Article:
As a dentist and owner of a multi-site practice in Minnesota, I’m writing to respond to the letter from the president of the Arizona Dental Association, Dr. Robert Roda entitled, “Don’t follow Minnesota’s failed dental therapist experiment,” published on March 29. A number of his comments about the Minnesota experience with dental therapy are, at best, misleading. I’d like to set the record straight as a private practice dentist and an employer of dental therapists. For me, dental therapy has been an important tool to help expand care to more people, especially patients on Medicaid, and a way to grow my practice.
Dr. Roda claims dental therapists “solve nothing.” Tell that to the patient in a community health center dental clinic who is able to get his tooth ache handled with a shorter wait time because the dental therapist was available to treat him weeks before a dentist could have seen him. Tell that to the mother in rural Minnesota who is able to get her children’s needs addressed regularly and avoid them developing decay or needing painful extractions. Tell the thousands of patients on Medicaid who are now receiving regular care that having a dental therapist treat them “solves nothing.”
Dr. Roda also naively notes that dental therapists have not led to lowered dental costs in Minnesota. We authorized dental therapists in Minnesota to address two major problems: too few dentists were accepting Medicaid patients and in most of our counties – many of them rural – we had a dentist shortage. Dental therapists have started to make an impact on both of these fronts. Because of dental therapists’ lower labor costs (about 30 – 50% the average hourly wage of dentists in my state), those of us in private practice who have hired them are finding it financially viable to serve more Medicaid patients – we are not taking such a hit on the state’s low Medicaid reimbursement rate. Federally qualified health centers using dental therapists are able to use the savings in staff salaries to provide more free and low-cost care to the uninsured. And a number of practices are deploying dental therapists to rural community locations because it’s more affordable than sending a dentist. In fact, dental therapists are being used to address what Dr. Roda called the “real challenges that parents face getting to the dental office.” Children’s Dental Services, the largest nonprofit dental operation serving children in my state, sends dental therapists to low-income schools to fill decayed teeth—at a substantially lower cost than what it would take to send a dentist.
In Minnesota the Medicaid agency decided to reimburse dental therapists at the same rate as dentists. In Arizona, the precedent is to reimburse midlevel providers at a lower rate. That would offer the state budget immediate savings. But let’s think in the long-term. Right now the most expensive member of the dental team is performing routine restorations that a qualified, lower-cost provider could perform. That’s highly inefficient and one factor in why dental costs are high. If dental therapists become a fixture in Arizona’s dental delivery system, the cost savings they would bring to dental practices would help keep dental costs from continuing to spiral up – as labor is the most expensive component of a dental practice, while also providing care to more lower-income people.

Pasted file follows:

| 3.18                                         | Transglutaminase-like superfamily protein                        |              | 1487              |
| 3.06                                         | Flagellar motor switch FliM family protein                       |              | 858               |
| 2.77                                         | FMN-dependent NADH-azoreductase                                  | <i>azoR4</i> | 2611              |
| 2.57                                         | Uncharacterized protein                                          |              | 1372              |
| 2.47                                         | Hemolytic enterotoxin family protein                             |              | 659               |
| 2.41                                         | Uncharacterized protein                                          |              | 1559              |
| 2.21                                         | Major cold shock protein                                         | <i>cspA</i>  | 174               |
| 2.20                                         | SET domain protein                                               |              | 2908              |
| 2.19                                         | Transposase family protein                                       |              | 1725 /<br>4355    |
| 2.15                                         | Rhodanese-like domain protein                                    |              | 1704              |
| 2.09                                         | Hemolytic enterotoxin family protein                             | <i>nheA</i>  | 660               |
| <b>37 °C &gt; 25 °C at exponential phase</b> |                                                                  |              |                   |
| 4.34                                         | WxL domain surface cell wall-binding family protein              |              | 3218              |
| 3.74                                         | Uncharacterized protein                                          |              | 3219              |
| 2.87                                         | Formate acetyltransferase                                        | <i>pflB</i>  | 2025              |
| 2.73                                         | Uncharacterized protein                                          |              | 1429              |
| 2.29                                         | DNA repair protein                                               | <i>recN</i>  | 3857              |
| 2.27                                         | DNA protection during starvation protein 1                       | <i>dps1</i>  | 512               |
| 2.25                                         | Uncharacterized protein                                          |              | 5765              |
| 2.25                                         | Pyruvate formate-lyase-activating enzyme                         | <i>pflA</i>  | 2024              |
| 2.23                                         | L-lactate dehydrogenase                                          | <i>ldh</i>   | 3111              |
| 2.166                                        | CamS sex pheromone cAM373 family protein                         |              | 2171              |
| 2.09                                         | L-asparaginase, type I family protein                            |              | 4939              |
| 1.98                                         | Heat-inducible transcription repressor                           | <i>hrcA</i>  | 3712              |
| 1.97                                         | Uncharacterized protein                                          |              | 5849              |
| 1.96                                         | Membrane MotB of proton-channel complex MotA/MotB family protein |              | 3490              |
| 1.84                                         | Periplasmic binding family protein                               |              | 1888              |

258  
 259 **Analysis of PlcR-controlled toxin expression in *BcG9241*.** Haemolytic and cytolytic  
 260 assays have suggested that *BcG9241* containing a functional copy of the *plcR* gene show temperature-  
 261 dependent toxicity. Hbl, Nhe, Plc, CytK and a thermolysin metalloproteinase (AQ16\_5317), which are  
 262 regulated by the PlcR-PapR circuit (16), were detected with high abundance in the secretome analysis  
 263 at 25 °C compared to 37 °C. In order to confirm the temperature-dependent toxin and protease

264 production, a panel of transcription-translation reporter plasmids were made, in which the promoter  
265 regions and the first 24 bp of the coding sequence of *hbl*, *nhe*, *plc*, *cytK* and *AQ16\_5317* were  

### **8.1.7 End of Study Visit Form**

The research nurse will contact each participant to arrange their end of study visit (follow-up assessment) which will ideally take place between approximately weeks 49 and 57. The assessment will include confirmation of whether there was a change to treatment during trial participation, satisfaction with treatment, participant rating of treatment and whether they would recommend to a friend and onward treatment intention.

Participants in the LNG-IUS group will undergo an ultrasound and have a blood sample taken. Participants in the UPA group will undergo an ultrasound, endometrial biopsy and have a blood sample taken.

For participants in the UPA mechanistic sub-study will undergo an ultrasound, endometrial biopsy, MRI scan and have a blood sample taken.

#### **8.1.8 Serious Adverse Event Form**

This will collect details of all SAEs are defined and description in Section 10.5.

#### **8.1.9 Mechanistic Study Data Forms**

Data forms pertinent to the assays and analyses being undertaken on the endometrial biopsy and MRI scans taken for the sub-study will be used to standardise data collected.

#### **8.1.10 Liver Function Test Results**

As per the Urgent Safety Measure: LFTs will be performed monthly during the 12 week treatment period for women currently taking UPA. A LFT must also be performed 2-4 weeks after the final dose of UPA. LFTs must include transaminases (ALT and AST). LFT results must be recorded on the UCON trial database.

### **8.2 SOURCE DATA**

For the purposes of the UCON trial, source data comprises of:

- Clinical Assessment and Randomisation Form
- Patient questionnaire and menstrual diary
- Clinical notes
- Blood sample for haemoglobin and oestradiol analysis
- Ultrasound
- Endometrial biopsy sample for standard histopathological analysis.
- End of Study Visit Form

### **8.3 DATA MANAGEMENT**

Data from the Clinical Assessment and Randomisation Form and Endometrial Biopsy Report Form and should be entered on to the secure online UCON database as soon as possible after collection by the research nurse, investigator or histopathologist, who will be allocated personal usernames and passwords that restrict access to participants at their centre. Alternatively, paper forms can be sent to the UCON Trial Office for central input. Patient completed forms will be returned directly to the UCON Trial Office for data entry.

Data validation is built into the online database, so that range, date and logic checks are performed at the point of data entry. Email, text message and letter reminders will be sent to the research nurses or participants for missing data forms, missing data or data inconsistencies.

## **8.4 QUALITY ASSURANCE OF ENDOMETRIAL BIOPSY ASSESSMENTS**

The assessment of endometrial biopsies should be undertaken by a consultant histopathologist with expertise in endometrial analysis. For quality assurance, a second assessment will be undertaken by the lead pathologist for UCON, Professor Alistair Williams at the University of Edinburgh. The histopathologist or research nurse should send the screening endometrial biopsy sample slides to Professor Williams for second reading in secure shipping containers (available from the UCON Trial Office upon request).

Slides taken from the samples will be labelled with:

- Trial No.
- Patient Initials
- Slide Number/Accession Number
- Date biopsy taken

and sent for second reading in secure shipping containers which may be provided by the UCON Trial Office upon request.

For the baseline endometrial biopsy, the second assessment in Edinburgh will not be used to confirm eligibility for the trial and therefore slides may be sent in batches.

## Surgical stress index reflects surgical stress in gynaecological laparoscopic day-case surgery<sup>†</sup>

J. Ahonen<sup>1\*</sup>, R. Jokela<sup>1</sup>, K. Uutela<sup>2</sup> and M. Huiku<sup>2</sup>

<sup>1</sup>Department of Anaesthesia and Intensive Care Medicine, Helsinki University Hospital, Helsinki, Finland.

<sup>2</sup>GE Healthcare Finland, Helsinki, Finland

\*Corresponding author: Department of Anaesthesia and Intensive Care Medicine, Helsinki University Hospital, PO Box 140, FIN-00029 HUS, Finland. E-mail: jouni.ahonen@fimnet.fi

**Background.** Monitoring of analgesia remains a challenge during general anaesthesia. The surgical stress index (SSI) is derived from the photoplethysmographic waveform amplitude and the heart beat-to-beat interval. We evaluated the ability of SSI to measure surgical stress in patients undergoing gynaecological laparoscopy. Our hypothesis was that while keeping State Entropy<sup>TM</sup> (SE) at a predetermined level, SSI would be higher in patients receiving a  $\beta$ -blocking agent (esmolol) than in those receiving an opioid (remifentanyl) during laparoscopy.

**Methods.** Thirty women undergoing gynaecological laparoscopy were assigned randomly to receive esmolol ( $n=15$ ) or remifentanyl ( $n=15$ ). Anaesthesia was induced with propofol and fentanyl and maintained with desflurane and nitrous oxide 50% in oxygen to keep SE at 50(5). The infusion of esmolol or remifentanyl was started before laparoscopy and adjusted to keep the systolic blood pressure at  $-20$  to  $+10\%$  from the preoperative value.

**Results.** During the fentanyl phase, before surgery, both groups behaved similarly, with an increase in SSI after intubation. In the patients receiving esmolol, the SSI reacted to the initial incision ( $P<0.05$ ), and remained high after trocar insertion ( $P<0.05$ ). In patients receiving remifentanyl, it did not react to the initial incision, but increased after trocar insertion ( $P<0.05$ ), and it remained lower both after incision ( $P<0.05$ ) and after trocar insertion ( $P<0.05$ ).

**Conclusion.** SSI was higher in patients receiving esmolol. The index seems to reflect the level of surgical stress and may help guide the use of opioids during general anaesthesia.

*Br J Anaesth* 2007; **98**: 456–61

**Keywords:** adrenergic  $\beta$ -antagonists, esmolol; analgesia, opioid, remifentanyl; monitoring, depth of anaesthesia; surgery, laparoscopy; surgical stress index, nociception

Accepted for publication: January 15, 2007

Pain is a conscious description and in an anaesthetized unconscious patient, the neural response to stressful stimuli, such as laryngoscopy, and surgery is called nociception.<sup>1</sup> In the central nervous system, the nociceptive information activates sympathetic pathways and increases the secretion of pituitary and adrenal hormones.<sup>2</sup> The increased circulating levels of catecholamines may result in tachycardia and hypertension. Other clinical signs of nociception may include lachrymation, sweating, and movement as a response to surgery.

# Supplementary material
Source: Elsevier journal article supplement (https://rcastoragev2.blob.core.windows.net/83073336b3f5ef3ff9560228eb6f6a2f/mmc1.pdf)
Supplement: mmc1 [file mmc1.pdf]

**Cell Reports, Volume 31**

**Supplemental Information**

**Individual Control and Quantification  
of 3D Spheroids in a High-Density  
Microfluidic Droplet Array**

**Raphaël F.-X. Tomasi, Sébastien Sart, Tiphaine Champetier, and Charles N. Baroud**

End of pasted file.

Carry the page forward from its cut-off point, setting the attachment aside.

Apple Tree, another nonprofit provider, has a mobile team that provides on- site care at a veterans nursing home. Without Minnesota’s law they would have to hire a dentist to do the thousands of restorations now performed by a dental therapist, at an additional cost of $52,000 annually.
For all these reasons and more, dental therapy graduates are in great demand and dentists are hiring them as quickly as we can train them.
Arizona, like Minnesota, has a significant access problem. Solving it will take a multi-faceted approach. Making dental practices more cost-efficient and geographically flexible is part of the solution – an important part. Dental therapy can help get us there. Medical practices and their patients have benefitted from incorporating nurse practitioners and physician assistants for decades. Arizona’s dentists and patients deserve – and need – the same opportunity to benefit from midlevel providers that thousands of Minnesotans have had.
I would say to those Arizona dentists who believe it won’t help their practices – don’t hire them. But don’t deprive your colleagues—especially those working in safety net clinics and rural communities—of the opportunity to improve their practices and the health of their patients.
John T. Powers is a dentist who is licensed to practice in Minnesota.
The views expressed in guest commentaries are those of the author and are not the views of the Arizona Capitol Times.